The sample was named “Cor Ouadae 17-C-B”.
At the Yazuno Central Environmental Research Institute, research into this biospecimen proceeded along three main lines of inquiry: What are its characteristics? How can it be proliferated? What sort of being is it, in the first place?
All in all, they knew close to nothing about it.
Even its origin was dubious.
Nagasue, who brought the sample to the laboratory three years ago, had gone missing the following year without telling anyone of his whereabouts.
To top it off, its cellular structure did not resemble any of the multicellular organisms known to man.
One of the researchers described it as resembling “a display sample of chicken tenderloin.” His fellow colleagues had chortled wryly in agreement.
Indeed, it looked no different from a piece of chicken tenderloin one could find in the supermarket’s frozen section.
While both resembled food, one was made of plastic resin and silicone, while the other of something completely alien.
Nevertheless, there were certain things they had discerned about it.
The cells comprising the sample were all totipotent cells, which meant that they were capable of differentiating into all other cell types.
When inserted into the wound of another organism, it transformed itself into a replica of the organism’s cell and aided with the cell division process.
Subsequently, it became a part of its host (and on the surface, the wound would appear to be healed perfectly).
One of modern medicine’s goals is the reproduction of totipotent cells.
It would have been the achievement of the century had they been able to replicate such a function in other cells via research into this special specimen.
In the modern world, however, the buzz generated by any discovery could be a double-edged sword.
Thus, while there were high hopes for this research, it was also being conducted in secret.
Till date, they were still unable to find a way to cultivate the sample in its unchanged state.
As such, they proceeded cautiously by slicing off tiny portions of it at any given time.
There was a lab rat.
Its stomach had been cut open and implanted with trace amounts of “Cor Ouadae”.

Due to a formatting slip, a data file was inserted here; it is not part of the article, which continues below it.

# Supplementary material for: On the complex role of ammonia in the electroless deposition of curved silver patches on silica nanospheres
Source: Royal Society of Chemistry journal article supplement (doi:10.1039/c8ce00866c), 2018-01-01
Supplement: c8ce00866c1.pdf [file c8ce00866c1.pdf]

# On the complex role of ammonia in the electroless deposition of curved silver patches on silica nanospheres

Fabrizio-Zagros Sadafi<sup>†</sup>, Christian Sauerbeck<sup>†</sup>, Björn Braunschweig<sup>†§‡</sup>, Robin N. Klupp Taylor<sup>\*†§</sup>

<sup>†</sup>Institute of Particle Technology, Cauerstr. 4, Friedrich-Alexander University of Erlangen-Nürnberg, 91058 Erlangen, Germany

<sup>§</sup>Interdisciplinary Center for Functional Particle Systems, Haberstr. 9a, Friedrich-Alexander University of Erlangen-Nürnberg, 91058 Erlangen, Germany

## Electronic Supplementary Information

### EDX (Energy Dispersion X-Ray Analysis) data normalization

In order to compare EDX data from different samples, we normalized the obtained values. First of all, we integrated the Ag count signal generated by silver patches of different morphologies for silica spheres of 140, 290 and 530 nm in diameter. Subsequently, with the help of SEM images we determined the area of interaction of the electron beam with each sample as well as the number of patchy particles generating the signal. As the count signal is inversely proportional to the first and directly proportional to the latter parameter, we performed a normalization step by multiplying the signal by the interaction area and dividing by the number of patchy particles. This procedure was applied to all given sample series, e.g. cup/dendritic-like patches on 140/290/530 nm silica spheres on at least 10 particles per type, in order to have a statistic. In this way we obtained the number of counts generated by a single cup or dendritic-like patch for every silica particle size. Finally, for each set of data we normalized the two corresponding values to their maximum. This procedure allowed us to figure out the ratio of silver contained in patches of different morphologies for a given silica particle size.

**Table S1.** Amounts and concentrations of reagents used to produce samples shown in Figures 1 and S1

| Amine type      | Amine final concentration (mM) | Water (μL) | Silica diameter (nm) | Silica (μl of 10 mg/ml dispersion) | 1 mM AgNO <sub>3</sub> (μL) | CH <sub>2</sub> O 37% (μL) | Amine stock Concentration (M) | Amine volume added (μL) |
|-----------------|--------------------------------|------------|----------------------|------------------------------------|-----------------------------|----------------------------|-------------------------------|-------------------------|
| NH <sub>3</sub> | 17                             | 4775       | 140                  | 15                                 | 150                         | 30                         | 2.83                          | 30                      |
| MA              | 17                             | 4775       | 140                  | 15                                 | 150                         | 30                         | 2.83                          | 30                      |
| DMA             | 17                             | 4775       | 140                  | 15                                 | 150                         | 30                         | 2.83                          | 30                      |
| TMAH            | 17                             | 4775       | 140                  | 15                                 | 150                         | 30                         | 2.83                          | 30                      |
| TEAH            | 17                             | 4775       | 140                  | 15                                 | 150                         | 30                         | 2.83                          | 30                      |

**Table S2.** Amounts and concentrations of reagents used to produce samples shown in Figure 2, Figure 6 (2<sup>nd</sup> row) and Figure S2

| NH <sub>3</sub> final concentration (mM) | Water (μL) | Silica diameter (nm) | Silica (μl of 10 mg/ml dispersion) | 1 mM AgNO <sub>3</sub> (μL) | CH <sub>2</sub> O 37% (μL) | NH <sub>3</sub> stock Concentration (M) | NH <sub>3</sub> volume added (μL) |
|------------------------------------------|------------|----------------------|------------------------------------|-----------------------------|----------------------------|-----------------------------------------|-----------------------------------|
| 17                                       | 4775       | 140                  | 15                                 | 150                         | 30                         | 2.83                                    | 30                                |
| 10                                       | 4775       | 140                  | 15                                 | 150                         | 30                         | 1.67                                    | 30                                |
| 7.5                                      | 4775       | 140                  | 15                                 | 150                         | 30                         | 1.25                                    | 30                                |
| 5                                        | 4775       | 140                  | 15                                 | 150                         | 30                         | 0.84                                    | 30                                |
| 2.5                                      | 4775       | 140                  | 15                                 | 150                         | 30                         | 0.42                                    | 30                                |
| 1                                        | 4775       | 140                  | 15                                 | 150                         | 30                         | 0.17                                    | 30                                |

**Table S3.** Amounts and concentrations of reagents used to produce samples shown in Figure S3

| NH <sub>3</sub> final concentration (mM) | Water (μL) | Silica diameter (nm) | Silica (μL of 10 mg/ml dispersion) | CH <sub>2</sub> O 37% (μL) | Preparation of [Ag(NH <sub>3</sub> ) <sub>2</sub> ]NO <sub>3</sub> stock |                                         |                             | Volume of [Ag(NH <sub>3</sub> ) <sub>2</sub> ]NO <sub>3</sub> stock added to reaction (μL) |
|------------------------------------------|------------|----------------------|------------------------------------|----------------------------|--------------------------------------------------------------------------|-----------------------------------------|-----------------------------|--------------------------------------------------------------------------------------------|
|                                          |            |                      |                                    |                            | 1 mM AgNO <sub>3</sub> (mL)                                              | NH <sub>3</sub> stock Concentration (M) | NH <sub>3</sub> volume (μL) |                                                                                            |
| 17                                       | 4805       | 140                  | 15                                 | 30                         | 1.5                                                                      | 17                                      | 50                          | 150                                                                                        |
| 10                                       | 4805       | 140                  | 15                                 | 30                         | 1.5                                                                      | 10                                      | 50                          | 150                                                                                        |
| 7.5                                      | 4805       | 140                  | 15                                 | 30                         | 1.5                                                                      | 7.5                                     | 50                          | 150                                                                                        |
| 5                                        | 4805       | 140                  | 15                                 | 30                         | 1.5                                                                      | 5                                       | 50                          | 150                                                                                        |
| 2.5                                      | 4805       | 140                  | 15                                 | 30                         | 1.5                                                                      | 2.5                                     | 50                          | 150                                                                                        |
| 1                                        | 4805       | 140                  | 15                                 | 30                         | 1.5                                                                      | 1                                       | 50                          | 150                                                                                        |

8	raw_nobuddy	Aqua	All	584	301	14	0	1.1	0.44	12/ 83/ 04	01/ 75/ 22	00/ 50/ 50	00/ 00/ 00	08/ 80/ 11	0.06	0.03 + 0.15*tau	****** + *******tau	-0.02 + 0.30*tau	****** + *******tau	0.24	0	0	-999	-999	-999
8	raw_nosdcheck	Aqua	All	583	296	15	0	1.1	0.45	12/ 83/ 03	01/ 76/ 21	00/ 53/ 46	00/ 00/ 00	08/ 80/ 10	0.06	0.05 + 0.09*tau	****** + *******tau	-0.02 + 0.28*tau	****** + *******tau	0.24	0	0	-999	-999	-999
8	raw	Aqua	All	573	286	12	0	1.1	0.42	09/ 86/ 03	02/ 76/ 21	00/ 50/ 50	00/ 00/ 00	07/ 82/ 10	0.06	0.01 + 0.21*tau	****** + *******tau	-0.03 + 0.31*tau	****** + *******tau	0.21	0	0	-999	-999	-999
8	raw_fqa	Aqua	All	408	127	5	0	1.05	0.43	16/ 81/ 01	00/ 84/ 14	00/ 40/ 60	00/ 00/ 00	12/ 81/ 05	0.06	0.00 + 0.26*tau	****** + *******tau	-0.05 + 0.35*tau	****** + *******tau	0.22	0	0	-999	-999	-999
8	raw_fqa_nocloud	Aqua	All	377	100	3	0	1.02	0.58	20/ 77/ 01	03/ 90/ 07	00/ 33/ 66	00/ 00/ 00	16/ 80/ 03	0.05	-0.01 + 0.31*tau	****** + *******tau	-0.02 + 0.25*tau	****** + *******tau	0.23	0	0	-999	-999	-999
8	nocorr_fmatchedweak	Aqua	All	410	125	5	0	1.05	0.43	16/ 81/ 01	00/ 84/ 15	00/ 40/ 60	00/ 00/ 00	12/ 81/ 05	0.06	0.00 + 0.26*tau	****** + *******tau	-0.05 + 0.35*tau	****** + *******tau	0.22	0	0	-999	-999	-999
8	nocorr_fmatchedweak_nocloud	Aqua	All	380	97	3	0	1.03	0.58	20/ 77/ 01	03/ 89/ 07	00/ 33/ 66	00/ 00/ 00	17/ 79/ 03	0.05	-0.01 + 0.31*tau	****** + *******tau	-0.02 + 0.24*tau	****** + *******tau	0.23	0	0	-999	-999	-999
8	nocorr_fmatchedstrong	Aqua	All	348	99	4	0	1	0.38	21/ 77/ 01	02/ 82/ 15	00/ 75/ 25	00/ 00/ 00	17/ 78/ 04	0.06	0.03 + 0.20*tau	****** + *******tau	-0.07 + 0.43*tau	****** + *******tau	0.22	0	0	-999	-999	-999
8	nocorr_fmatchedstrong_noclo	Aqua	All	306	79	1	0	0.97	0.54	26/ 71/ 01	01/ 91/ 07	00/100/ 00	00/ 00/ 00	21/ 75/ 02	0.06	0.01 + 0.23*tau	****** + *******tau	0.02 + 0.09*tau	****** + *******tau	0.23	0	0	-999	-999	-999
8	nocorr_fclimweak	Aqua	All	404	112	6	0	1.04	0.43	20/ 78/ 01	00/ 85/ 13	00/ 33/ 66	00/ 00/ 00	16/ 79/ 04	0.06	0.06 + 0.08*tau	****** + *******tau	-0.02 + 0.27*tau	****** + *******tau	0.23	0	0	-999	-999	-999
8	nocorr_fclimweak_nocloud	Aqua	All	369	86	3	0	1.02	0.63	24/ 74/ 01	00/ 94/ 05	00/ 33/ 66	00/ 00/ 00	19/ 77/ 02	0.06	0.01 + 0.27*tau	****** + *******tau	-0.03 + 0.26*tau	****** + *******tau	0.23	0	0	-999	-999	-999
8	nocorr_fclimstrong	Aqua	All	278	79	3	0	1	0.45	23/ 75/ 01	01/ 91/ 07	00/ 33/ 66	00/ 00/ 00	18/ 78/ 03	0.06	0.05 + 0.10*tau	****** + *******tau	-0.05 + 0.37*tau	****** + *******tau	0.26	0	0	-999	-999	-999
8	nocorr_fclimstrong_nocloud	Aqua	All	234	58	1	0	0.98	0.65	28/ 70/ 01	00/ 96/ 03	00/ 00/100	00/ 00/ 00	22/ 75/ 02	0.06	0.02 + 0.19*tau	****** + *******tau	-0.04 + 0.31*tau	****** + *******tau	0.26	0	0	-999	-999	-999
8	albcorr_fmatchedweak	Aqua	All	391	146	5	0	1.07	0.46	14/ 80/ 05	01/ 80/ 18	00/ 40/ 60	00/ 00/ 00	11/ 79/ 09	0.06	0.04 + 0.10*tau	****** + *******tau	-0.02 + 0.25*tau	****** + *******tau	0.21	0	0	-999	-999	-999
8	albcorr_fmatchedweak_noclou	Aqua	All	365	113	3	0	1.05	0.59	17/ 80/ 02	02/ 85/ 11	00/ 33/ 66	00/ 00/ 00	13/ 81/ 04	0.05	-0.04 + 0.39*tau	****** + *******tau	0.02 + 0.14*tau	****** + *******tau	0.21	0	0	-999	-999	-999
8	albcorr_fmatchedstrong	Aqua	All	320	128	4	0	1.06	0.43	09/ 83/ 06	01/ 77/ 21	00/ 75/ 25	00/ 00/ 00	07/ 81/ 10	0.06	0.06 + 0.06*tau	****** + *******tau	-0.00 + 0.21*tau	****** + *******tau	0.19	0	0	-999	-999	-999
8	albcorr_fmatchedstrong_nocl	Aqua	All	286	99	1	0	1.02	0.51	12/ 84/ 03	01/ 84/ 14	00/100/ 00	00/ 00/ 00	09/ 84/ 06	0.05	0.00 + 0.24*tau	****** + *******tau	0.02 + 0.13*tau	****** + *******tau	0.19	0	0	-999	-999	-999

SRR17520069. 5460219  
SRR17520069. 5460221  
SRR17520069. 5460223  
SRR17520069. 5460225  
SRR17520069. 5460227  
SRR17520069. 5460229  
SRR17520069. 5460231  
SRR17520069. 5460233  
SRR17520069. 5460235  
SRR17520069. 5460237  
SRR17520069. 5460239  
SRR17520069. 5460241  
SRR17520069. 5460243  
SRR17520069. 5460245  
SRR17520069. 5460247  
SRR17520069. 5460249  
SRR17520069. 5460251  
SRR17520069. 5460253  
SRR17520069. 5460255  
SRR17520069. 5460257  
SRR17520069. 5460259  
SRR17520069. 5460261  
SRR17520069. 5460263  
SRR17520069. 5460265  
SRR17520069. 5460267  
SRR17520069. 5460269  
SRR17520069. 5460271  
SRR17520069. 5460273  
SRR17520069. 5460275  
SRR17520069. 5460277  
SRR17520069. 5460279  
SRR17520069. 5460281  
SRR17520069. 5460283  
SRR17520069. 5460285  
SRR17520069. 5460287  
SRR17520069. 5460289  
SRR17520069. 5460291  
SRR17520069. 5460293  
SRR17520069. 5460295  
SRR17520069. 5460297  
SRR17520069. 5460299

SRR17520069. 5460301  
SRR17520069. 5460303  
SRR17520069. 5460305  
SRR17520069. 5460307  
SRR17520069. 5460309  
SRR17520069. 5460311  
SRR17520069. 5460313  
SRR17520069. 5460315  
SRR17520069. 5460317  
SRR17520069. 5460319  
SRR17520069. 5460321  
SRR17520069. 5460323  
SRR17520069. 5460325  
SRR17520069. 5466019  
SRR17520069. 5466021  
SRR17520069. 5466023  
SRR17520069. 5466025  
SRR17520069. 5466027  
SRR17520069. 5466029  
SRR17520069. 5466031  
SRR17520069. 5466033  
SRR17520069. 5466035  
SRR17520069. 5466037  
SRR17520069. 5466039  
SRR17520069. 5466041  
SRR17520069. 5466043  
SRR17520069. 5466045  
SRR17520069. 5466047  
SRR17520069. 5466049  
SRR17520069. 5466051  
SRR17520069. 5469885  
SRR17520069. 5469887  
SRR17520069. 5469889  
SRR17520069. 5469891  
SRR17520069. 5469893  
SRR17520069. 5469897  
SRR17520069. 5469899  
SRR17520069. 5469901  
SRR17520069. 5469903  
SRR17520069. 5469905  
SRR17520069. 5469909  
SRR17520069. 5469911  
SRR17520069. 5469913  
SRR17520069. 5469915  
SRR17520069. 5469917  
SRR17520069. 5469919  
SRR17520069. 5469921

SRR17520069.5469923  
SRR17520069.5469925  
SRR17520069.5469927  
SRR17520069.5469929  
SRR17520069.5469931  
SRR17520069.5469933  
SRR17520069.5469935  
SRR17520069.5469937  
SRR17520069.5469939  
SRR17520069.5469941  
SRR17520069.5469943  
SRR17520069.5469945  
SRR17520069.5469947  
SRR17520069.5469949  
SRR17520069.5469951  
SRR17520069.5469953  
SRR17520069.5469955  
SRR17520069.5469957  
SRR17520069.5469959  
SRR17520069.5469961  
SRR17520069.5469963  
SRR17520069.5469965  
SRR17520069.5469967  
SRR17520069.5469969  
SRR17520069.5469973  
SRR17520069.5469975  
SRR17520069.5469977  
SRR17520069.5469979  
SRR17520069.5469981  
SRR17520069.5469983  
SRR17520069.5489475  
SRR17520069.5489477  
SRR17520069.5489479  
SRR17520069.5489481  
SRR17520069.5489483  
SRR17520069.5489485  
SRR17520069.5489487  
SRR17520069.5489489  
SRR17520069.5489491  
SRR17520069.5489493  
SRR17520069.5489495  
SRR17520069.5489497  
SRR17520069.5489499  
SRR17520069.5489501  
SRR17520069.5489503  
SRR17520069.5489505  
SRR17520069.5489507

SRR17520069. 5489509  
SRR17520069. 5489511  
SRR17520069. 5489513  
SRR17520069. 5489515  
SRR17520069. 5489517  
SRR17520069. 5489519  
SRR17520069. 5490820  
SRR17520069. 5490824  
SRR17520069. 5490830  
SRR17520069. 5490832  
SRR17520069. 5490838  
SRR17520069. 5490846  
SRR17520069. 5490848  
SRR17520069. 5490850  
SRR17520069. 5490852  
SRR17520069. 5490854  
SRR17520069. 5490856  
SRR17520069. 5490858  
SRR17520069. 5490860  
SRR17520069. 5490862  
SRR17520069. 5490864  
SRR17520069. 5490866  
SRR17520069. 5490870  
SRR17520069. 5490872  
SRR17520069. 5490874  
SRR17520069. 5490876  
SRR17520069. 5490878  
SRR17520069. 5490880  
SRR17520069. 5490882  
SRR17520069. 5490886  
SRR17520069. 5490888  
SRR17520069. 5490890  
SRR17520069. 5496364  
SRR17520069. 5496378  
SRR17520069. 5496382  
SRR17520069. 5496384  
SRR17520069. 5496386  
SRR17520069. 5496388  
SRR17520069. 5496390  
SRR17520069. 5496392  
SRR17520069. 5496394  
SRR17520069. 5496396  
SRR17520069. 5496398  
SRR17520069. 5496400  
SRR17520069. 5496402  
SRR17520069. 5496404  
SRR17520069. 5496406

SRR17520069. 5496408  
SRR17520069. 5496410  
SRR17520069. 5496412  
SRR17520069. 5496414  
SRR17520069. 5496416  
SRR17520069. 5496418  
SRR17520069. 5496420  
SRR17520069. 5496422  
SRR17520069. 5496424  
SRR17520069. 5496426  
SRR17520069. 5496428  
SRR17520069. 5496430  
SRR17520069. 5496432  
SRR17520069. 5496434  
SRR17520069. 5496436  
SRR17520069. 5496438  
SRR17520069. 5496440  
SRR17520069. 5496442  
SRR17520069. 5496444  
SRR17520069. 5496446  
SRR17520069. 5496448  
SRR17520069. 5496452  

The “Cor Ouadae” mutated before their very eyes, differentiating into the abdominal cells of Mammalia Rodentia Myomorpha and undergoing cell division.
Within 52 minutes, the wound had closed completely, without even a scar left behind.
After that, an abnormality was observed—the rat’s behavioral patterns had started to change.
The speed at which it performed certain actions in an operant conditioning chamber had clearly risen.
In addition, it had even developed a certain degree of foresight based on past patterns.
In a classic maze experiment, the rat displayed greatly above-average learning speed.
Not only had it not shown the increased aggression commonly observed in such experiments, it in fact started behaving more cautiously.
Short-sighted members of the staff came to a conclusion: the treatment had increased the rat’s intelligence.
This was fantastic news; not only had“Cor Ouadae” repaired the damaged organ, it had also activated(?) the neurons(?) in its brain(?). What a marvelous discovery! This will surely bring humanity to the next level!
The more prudent staffers rejoiced in moderation.
Cells of unknown origin had caused a change through some unknown mechanism. Whatever the reason, we can surely gain more insight by studying this further.
We ought to be thankful for that.
However, a small fraction comprising the rest grimaced.
They were well aware of the many parasitic organisms in the wild that were capable of inducing changes to the mental faculties of its hosts.
If “Cor Ouadae” were one of those, an astronomical effort would be needed to cross the colossal barrier of its conversion into a practical medical procedure.
Lastly, a few said nothing.
They averted their gazes from the rat which stared at the humans with its unfathomable eyes, and asked with a tinge of fear in their voices:
Can we really still call that creature a rat?
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